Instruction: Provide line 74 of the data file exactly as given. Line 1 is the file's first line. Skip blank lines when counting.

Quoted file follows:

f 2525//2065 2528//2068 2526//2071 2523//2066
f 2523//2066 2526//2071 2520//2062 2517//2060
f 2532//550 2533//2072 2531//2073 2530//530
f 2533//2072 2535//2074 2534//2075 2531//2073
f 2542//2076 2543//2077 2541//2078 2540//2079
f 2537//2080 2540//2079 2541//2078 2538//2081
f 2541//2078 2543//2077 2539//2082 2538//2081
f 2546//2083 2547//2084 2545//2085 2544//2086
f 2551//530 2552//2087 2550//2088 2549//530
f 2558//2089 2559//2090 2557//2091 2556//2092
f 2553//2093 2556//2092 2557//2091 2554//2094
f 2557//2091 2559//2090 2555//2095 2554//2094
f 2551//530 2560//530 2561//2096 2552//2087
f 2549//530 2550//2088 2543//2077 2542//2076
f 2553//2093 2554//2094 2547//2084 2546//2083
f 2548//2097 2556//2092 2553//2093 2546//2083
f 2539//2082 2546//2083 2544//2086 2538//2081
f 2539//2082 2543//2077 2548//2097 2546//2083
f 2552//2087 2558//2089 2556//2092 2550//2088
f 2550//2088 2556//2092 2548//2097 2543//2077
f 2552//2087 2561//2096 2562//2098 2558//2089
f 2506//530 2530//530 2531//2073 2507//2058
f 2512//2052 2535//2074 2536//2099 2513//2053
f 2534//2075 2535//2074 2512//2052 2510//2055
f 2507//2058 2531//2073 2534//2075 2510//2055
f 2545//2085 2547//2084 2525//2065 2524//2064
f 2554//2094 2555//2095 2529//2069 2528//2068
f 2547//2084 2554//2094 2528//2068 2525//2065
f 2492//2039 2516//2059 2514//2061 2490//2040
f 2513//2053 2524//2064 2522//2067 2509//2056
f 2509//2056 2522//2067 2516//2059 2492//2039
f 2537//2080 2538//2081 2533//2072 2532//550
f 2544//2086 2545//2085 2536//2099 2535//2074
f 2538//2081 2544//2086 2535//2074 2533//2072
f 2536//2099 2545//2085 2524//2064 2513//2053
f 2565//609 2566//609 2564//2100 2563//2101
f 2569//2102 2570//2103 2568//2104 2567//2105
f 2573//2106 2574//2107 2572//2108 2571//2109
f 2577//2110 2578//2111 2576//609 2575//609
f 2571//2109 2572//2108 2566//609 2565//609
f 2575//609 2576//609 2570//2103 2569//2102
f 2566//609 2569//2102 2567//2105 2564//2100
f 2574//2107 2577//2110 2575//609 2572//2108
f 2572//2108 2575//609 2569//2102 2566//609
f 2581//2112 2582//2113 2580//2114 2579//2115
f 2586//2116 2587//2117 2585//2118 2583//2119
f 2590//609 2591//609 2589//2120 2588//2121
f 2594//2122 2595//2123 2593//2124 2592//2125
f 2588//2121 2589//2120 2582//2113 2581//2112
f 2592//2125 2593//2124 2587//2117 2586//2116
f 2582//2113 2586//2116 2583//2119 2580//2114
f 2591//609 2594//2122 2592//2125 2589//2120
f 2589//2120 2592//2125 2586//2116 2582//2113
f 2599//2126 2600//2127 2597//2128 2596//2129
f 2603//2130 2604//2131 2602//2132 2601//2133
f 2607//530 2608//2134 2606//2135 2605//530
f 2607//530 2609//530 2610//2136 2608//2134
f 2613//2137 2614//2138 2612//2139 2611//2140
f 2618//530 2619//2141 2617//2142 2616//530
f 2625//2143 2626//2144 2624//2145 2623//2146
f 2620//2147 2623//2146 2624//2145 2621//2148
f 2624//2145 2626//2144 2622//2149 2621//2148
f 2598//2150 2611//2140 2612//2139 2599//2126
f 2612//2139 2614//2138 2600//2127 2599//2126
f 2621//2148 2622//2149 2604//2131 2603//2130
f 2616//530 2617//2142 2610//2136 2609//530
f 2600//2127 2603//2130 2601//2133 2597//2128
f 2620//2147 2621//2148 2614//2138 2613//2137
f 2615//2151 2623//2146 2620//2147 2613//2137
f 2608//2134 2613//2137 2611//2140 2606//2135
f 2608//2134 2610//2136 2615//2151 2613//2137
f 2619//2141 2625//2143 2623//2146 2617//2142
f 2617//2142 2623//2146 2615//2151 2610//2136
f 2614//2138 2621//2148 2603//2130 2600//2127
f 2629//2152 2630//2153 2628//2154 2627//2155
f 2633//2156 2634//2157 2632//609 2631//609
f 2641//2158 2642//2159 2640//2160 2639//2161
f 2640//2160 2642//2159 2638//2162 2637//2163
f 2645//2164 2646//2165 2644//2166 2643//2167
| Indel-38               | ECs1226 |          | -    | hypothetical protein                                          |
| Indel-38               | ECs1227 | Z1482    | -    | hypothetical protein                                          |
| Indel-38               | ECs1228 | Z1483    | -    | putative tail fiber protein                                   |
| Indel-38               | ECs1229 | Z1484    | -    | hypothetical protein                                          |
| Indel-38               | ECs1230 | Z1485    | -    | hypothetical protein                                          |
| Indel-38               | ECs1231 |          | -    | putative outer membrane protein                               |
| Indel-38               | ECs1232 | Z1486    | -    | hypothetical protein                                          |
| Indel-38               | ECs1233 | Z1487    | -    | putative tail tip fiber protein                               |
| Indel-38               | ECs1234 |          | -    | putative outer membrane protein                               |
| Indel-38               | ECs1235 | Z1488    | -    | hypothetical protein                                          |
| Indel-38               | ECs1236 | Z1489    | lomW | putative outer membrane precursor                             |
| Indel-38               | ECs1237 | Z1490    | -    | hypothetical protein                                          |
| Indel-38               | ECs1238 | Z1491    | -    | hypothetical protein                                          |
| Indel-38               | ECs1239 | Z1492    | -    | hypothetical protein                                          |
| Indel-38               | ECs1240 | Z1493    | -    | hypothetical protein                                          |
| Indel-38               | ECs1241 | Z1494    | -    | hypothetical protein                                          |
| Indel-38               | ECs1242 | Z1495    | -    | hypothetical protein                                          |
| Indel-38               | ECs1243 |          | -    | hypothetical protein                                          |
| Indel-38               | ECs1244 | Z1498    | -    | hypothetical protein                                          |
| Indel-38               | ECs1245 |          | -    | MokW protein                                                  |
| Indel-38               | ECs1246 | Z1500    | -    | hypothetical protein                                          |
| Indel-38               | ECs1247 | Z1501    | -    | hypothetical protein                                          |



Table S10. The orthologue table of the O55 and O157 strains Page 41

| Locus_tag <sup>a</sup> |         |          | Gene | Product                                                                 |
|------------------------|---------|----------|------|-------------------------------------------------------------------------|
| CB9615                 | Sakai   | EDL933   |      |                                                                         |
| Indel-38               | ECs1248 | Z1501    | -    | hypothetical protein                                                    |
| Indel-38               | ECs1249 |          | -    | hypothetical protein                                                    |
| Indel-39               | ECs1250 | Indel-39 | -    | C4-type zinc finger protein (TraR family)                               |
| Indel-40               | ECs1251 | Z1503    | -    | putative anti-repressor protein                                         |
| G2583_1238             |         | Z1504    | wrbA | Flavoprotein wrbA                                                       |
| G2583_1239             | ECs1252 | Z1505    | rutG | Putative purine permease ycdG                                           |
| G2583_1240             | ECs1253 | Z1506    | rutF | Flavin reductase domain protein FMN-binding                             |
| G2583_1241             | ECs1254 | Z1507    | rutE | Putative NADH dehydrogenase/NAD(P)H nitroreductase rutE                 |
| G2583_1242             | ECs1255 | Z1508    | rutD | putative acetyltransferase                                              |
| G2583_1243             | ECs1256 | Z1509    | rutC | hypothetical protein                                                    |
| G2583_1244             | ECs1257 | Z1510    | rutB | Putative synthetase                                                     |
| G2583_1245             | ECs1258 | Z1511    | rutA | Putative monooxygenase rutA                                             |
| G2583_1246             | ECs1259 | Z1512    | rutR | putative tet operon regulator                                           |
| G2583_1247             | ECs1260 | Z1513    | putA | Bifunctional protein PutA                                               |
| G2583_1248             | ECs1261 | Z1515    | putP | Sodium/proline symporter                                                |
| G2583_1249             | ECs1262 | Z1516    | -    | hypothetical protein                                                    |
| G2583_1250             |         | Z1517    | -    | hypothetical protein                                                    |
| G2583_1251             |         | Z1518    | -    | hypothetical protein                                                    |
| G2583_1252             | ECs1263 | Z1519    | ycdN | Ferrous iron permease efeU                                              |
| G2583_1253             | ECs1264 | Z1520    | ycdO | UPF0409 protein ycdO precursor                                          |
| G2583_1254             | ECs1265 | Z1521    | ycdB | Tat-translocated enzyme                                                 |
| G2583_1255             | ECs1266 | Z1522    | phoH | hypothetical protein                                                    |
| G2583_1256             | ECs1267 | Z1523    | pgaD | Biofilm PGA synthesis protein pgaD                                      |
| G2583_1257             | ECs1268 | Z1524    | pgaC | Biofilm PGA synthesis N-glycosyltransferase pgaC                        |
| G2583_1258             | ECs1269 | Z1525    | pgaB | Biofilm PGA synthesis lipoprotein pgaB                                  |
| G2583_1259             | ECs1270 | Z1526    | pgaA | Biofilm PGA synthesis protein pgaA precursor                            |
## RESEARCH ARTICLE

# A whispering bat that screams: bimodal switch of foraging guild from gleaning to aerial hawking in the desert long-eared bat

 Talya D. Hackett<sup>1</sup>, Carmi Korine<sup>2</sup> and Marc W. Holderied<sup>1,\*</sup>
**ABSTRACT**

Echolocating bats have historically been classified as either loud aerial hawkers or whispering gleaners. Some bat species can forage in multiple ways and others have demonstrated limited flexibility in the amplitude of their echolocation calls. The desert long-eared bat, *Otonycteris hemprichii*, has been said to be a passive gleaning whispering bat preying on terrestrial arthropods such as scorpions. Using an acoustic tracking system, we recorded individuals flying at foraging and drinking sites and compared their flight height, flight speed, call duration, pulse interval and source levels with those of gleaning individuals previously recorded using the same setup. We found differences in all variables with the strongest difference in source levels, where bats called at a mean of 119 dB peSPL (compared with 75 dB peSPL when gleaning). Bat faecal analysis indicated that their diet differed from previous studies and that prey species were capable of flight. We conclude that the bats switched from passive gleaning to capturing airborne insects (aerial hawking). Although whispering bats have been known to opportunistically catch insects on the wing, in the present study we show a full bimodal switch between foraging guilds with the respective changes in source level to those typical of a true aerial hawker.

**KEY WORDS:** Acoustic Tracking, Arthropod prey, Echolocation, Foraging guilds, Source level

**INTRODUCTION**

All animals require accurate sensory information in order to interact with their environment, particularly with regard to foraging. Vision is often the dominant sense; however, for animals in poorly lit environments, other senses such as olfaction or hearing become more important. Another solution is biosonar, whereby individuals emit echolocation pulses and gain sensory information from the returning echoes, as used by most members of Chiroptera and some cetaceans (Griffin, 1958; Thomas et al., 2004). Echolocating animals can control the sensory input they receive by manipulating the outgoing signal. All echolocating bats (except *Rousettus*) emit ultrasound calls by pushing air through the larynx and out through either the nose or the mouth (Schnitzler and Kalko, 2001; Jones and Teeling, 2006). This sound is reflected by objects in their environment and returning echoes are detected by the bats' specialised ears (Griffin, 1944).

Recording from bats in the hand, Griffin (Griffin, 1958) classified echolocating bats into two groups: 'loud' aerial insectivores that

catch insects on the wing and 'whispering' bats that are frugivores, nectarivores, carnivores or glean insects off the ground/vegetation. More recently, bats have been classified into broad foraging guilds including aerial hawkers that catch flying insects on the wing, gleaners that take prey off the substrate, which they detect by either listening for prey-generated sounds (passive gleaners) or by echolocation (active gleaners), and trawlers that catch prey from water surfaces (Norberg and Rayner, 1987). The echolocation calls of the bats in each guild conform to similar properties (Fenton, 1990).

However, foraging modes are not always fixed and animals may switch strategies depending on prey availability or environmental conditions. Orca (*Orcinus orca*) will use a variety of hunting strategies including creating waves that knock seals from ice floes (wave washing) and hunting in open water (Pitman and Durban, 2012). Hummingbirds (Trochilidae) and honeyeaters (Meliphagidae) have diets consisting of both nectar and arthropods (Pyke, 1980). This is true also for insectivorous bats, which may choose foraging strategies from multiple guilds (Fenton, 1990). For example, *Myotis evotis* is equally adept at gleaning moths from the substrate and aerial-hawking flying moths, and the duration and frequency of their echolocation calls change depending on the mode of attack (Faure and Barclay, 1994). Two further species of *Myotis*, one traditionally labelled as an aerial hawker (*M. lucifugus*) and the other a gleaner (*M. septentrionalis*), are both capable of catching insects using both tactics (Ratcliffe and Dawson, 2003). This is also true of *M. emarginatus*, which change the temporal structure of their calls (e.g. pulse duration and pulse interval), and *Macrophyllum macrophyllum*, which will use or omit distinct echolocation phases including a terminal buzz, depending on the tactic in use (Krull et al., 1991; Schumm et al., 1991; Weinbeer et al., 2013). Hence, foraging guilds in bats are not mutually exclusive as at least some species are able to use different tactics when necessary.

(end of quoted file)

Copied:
f 2614//2138 2621//2148 2603//2130 2600//2127